October 24, 2017

It’s Okay to Stop and Stare

Sojourner Truth

Sojourner Truth

The chunk of metal that came flying off the flatbed in front of me failed to knock me off the road. The next morning I noticed the missile made a ragged crack on the windshield. When I turned on the defroster to clear off some Boon (winter to the Light Skinned like me), the crack spread across the windshield like the Great Mystery was drawing on it. The glass experts advise that cracks more than twelve inches might cause the car roof to collapse from structural weakness should the car happen to flip. This crack was about three feet. I wasn’t worried about flipping until the stop sign on the country road forced me to hit the brakes and spin six times. The road was two lanes, with little traffic, except the train in front of me, explaining the stop sign and the necessity of stopping at train tracks. There were deep ditches on both sides of the road but I was spinning slow enough to remember to keep the noggin down if the car flipped into the ditch. Then hold my breath while submerged in the water, cold water that causes hypothermia and death. Finally all set, wait upside down for the Great Mystery (the Creator) or sheriff deputies, depending who’s the first responder, to rescue me from my imagination.

The Saginaw Chippewa tribe were believers in the power of storytelling that’s passed on through blood memory, connecting all of us to Creation. The prophets told the Chippewa tribe to following the Setting Sun, their Great Walk taking them from Niagara Falls to the Detroit River and through Michigan’s Upper Peninsula to Canada. The Chippewas used winter time, which they called Boon, to share their stories.

I have a new resolution to stare and the Chippewa museum in Mount Pleasant was one of my stop and stares.The storytelling was romantic at the start. There was a distinct loss of romance and brusque harshness by the end of the brief tour. The museum is next door to the casino and the local college football team is nicknamed the Chippewas. The Great Walk had become the Great Fall, leaving a trail of blood and tears and slot machines. Near the end, there’s a poem in a glass case. A Chippewa from Michigan who had fought in World War Two is given credit for writing it during the war. His name was William Graveratte and he became a prisoner of war in the Battle of the Bulge. The poem is called “Our Hitch in Hell.” Another resolution of mine is to check sources. “Our Hitch in Hell” seems to have many people claiming authorship. The original was supposedly written by a soldier in World War One and spread in many versions. Now “Hitch in Hell” is hanging on the museum wall in Mount Pleasant, alongside the biography of a Chippewa POW, the poem written on paper in his scrawl. Here it is the chain letter from Hell, written in the blood of man following the Setting Sun, pass it on.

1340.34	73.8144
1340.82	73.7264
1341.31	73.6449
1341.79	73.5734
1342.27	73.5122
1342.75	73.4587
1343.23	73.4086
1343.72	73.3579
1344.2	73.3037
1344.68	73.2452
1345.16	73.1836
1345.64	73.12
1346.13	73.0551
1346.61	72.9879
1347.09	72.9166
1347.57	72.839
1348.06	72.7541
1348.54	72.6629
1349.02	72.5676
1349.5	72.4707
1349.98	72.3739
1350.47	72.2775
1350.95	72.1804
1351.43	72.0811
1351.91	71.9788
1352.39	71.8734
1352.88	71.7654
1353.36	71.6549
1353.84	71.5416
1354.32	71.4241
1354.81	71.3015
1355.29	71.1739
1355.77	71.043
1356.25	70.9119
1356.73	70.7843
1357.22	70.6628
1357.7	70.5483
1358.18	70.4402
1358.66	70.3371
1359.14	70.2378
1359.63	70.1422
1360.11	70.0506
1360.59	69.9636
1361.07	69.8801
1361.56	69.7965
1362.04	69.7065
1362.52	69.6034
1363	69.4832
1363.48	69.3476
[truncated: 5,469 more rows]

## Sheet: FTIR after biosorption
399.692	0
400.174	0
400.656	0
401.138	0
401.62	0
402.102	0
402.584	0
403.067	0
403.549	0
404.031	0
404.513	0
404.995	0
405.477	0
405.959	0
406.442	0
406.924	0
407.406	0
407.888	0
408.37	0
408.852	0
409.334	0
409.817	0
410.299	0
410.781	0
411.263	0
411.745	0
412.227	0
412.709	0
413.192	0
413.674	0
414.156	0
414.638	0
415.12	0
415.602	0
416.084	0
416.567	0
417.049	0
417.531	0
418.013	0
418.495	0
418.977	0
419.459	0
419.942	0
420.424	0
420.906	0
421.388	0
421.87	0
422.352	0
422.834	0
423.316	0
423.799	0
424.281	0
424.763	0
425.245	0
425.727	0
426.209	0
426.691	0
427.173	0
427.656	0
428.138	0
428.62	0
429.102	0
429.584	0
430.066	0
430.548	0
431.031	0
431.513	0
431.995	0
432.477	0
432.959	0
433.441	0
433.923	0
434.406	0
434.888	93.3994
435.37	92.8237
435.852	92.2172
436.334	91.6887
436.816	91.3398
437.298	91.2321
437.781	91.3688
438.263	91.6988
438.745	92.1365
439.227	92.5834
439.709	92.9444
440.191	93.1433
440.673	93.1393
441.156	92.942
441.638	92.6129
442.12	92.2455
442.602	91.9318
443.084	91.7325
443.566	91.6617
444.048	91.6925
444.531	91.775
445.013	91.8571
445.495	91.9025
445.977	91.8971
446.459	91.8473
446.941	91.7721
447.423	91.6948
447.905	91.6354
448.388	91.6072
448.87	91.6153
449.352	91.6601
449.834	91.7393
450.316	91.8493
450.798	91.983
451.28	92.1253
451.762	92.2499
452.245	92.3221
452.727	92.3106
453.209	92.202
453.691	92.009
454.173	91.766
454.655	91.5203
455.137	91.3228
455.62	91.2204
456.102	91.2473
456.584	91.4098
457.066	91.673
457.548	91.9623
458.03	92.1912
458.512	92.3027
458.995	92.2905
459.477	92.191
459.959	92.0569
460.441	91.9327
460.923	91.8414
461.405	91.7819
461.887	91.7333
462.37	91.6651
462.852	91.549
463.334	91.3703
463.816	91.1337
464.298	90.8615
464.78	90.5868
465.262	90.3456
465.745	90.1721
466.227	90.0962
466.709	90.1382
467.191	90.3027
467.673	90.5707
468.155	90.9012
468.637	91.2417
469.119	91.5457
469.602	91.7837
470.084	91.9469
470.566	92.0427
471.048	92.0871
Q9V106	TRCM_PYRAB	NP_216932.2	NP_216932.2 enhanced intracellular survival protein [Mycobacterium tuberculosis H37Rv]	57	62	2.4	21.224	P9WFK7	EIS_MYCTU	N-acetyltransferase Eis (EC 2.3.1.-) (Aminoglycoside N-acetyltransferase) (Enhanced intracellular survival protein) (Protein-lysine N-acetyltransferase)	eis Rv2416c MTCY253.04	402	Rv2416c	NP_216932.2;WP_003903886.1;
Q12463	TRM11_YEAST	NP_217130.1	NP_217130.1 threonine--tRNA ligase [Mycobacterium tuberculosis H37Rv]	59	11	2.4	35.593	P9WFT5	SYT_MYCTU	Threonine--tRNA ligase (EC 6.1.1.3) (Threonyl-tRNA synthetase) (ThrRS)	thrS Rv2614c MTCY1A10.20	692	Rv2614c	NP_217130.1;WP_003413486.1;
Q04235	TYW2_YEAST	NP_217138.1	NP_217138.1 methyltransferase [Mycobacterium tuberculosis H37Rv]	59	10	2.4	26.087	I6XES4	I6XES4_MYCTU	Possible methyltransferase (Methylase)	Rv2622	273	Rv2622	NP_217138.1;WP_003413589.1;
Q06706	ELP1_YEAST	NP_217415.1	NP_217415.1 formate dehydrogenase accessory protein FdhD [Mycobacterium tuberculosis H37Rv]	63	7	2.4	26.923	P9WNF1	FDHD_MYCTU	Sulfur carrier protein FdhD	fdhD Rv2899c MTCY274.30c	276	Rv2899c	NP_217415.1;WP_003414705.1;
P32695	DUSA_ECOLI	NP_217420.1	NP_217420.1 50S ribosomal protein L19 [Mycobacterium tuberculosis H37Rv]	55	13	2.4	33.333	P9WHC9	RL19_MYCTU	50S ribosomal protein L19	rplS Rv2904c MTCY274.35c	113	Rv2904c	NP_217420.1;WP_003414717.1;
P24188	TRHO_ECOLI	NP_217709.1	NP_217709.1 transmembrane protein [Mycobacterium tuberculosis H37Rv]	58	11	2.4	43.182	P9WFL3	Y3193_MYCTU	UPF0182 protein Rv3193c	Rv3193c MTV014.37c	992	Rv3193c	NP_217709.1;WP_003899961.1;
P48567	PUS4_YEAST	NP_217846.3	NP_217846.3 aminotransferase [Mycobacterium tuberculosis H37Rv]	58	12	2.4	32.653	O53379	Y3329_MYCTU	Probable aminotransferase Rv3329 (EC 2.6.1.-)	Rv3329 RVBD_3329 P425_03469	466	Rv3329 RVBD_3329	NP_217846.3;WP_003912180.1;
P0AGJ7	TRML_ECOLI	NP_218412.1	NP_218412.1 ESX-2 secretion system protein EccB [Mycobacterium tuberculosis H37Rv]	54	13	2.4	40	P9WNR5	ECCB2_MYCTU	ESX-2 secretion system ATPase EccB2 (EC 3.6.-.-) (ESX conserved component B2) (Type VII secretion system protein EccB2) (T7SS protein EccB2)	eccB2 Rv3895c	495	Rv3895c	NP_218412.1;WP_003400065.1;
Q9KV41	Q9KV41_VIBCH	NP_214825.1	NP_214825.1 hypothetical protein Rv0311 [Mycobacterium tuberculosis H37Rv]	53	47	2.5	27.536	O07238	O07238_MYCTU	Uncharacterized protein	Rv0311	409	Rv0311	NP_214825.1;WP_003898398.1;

Abolitionist Sojourner Truth’s Great Walk to the Setting Sun was listed as “around 105” years on her grave in Battle Creek. The more official account is 86 years with a question mark. Sojourner Truth said, “Give ’em land and an outset, and hab teachers learn ’em to read. Den they can be somebody.” She asked God, her Great Mystery, what’s wrong with the Constitution, and “He says to me, ‘Sojourner, dere is a little weasel in it.'”

The windshield held in one piece across the state to Battle Creek where I had a stop and stare at her twelve foot monument. We’re always told that we shouldn’t stare, making it more difficult to find the weasel in the truth. There’s a second hand store near the Sojourner Truth monument. A cheap six foot replica of the statue of liberty was in front of the store. A weasel looking nervous guy in a jean jacket and hood and smoking a cigarette was leaning against the door, nodding with his cigarette dangling from his lips to the statue of liberty that it was a good deal. Miss Liberty was in a bull market. The other guy was standing close enough to give Miss Liberty a kiss on the mouth. His head was cocked and he stared into her mouth like he saw a cavity. The Truth was feeling neglected in the snow. Headquarters for the Kellogg Company was nearby and a burst of expensive cars went past the second hand store. It was getting late and corporate executives were going home. These two guys bartered probably fifty, forty, thirty, twenty dollars over the statue of liberty, six feet of dirty gray Dumpster art. I had come to get a look at Sojourner Truth and instead I was staring at these two guys trying to pawn liberty. I was feeling the same vibes here that I got at the museum, a curtain call for Our Hitch in Hell. I stared at the crack in the windshield the whole way home, thinking maybe I should put off a stop and stare in Detroit.

Share

Page optimized by WP Minify WordPress Plugin